Would you ever open a restaurant in Egypt -- why, and why not?

In my heart, I would love to have an outlet to cook for friends and family, and obviously the general public. Covid grounded me here and for the first time since my childhood I have been able to be with my family. If I did a restaurant, I would need the right partners, who share the same ethos. I feel I still have a lot to contribute, however there are a lot of other variables that would be required for me to do it.

How does your own lifestyle, your choice of being vegetarian come into play with this vision you have?

I want to be part of the positive change to this world. So if I did a restaurant it would be more weighted in a plant-based menu, working with products that are more ecologically sustainable, with vegetables that are dense in nutrition and flavor and keeping it as healthy and local as possible.

When I see the culinary landscape, see the impact of our industrial food system and it’s environmental impact, the inequality, and the effects on our health, I couldn’t consciously go back into the restaurant business without addressing it. I'm tired of working with corpses… however, I have to still give people what they want. Chefs owe it to themselves and to their guests to offer healthier food choices. I know it’s optimistic, but for one of the end user of food, ‘Let medicine be thy food and food be thy medicine’ should be our motto!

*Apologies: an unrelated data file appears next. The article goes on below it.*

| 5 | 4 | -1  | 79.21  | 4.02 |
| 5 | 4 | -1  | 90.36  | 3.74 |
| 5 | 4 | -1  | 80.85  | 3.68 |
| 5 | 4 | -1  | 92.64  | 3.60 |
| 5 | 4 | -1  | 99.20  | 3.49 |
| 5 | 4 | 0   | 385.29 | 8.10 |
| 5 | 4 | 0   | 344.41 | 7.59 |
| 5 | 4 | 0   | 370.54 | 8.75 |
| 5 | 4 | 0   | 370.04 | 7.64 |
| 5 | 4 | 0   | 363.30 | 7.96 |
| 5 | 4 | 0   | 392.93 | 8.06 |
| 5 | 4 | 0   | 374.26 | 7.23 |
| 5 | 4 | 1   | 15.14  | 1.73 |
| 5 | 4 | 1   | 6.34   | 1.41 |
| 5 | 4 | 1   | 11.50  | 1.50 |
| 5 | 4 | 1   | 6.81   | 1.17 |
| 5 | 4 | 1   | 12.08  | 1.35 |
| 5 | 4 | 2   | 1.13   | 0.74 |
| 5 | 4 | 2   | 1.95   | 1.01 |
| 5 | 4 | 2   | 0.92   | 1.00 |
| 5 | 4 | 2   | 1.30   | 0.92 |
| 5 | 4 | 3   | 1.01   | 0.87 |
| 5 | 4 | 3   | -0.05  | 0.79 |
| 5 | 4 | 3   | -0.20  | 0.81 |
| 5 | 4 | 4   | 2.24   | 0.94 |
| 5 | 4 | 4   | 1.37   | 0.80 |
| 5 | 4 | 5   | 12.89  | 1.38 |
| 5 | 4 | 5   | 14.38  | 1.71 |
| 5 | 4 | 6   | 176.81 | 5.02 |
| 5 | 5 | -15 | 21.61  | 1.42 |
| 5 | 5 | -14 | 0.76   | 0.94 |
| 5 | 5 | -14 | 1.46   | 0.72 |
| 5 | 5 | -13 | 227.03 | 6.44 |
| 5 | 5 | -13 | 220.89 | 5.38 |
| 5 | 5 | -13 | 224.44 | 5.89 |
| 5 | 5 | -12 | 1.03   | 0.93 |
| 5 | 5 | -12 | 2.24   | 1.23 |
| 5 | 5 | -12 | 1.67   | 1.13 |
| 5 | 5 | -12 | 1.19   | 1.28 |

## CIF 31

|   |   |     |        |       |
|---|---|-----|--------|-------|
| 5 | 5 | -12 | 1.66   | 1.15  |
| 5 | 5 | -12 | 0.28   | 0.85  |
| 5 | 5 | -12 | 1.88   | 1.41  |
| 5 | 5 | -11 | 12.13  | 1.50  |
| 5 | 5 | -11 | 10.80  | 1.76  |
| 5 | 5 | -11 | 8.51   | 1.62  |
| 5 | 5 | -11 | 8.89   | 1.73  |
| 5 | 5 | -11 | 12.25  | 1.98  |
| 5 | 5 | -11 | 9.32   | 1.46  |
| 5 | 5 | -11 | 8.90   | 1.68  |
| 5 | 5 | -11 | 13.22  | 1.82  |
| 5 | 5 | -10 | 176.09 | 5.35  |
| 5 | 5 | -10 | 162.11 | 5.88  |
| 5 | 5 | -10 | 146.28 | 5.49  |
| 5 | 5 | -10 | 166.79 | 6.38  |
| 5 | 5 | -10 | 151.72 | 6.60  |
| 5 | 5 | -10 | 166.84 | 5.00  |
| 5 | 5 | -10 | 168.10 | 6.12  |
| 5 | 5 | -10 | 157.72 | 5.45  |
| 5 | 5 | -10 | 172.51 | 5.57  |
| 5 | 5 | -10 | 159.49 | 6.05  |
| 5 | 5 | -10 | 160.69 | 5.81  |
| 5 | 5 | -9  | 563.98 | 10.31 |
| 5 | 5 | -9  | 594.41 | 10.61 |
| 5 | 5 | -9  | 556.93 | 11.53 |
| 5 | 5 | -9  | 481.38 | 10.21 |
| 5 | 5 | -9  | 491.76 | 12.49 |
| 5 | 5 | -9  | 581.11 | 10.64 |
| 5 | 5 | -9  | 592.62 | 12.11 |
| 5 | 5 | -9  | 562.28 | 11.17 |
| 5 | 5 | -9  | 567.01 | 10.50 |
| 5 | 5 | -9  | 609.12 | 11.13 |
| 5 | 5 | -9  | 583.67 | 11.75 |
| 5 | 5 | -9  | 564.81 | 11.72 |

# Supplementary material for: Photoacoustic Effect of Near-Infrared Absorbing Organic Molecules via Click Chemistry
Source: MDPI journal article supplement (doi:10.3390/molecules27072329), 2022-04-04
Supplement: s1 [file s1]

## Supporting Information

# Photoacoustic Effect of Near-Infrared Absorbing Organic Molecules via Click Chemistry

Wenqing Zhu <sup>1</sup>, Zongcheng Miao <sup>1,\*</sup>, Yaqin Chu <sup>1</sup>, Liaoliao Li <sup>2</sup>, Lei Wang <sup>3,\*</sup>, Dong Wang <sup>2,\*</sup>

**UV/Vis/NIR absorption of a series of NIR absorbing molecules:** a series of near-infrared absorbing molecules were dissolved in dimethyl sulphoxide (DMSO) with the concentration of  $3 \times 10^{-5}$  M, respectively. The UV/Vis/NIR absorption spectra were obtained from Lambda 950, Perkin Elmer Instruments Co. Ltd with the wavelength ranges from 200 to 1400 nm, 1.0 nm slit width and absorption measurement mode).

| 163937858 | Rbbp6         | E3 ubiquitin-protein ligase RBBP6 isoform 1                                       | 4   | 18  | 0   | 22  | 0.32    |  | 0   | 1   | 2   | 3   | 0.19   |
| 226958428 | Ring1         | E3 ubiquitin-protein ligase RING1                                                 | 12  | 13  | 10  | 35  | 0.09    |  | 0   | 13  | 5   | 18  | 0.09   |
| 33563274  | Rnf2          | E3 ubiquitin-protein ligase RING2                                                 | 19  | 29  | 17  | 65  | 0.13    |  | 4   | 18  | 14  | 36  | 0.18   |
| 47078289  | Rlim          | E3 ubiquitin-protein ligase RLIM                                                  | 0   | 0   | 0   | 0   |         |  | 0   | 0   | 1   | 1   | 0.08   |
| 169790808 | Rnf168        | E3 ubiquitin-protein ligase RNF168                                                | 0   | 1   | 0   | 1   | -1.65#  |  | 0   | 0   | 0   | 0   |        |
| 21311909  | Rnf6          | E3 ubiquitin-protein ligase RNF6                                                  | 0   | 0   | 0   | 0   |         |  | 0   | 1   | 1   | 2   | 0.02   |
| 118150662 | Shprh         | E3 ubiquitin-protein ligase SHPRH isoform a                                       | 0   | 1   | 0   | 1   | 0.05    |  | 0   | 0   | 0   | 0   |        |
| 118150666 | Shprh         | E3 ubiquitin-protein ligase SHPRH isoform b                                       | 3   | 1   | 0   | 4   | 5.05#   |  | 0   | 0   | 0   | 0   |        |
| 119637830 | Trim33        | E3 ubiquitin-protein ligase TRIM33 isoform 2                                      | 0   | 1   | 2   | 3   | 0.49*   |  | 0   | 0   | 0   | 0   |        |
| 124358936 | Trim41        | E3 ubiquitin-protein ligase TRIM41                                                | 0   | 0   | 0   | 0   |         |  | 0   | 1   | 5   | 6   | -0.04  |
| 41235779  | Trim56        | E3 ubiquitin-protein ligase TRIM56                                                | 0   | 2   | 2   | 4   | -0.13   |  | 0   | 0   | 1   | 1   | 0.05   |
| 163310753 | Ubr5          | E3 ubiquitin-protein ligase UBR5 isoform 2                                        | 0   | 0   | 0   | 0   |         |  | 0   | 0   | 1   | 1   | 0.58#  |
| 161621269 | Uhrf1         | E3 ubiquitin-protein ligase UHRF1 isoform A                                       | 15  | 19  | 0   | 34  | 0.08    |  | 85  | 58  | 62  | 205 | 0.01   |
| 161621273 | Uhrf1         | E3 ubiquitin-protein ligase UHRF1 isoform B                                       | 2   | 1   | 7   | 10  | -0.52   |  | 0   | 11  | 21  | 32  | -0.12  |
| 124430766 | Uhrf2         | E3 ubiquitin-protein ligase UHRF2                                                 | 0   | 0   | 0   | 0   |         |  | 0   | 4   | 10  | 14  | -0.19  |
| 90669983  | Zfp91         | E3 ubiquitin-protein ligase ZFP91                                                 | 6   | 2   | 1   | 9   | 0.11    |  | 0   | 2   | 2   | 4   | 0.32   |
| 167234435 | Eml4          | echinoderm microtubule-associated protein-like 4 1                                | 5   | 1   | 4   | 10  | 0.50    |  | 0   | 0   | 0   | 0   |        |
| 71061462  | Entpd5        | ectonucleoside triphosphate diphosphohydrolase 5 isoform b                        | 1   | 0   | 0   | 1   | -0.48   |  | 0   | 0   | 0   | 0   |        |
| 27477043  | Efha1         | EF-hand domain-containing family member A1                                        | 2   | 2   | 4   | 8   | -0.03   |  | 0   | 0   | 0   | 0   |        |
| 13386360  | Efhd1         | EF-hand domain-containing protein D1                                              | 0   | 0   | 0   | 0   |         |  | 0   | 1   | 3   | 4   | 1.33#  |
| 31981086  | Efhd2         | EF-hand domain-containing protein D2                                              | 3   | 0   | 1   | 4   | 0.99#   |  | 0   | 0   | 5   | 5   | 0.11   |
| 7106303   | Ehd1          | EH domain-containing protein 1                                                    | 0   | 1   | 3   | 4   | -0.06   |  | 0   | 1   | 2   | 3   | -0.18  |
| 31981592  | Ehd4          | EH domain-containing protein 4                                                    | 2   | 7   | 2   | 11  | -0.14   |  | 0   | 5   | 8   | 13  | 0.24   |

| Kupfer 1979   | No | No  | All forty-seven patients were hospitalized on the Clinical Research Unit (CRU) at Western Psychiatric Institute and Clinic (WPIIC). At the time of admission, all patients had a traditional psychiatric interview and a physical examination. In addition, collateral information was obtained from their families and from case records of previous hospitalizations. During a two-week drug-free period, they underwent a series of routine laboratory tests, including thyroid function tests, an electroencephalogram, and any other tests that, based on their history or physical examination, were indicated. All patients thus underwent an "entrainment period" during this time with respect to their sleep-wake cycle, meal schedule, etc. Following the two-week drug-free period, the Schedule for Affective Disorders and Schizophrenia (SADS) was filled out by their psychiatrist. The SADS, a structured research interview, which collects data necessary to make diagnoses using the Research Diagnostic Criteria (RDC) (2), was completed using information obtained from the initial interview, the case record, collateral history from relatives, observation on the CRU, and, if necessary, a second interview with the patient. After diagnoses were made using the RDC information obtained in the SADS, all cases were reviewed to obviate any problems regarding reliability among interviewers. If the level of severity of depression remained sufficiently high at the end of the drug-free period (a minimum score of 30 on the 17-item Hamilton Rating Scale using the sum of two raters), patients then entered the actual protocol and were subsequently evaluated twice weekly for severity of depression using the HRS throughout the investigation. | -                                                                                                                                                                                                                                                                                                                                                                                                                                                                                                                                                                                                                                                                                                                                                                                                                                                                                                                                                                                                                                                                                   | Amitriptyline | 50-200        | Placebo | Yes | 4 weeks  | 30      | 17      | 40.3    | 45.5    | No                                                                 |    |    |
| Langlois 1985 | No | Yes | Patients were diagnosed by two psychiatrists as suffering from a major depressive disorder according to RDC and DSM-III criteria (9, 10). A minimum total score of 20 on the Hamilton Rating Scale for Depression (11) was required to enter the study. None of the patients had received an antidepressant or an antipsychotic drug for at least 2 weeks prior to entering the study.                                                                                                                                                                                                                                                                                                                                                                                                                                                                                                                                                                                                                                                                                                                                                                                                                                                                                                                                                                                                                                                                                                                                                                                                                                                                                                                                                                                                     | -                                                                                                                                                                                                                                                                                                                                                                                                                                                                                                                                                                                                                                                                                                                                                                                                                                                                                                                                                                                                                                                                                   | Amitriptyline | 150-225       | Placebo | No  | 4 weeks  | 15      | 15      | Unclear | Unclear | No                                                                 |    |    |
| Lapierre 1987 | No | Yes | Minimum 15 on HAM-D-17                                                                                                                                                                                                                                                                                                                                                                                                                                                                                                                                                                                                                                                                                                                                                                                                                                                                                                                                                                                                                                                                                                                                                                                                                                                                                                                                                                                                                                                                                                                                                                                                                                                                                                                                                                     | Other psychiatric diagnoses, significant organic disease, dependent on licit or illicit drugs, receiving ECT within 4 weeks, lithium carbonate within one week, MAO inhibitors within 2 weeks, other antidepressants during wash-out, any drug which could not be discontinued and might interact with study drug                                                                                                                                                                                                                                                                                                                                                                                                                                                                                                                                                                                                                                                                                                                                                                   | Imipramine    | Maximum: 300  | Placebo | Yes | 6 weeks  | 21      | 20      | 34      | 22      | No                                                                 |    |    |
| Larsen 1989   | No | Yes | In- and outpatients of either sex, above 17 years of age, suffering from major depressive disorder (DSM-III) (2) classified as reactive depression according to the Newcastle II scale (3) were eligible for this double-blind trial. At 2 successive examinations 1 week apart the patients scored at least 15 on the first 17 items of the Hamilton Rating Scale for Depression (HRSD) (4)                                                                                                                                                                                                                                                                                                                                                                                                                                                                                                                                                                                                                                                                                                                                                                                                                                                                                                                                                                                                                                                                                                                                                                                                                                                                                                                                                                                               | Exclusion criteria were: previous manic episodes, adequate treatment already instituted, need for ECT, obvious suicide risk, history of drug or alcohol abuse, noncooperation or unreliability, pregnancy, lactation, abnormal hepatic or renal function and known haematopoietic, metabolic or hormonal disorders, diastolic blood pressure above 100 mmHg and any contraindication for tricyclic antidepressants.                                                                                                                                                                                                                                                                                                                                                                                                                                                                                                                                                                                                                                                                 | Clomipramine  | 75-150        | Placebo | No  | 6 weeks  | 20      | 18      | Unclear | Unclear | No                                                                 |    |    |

On Top Chef as an example, we introduced challenges on vegetarian, vegan cooking, healthier alternatives to processed sugars, foods of the future, and hopefully this will help educate our audience in healthier choices. If we have a platform we should use it for the benefit of our society at large.

The planet’s on fire! You know, if my house was on fire I wouldn't be as concerned with the football results, the other top stories on the evening news. We have a global crisis that needs to be fixed regionally and at local levels. We over produce, over consume, yet 33% ends up as food waste, while hundreds of millions people go to bed hungry with billions suffering from malnutrition. 7 out of 10 deaths is diet related. We have the power to change it and build a more equitable sustainable, as well as resilient food system.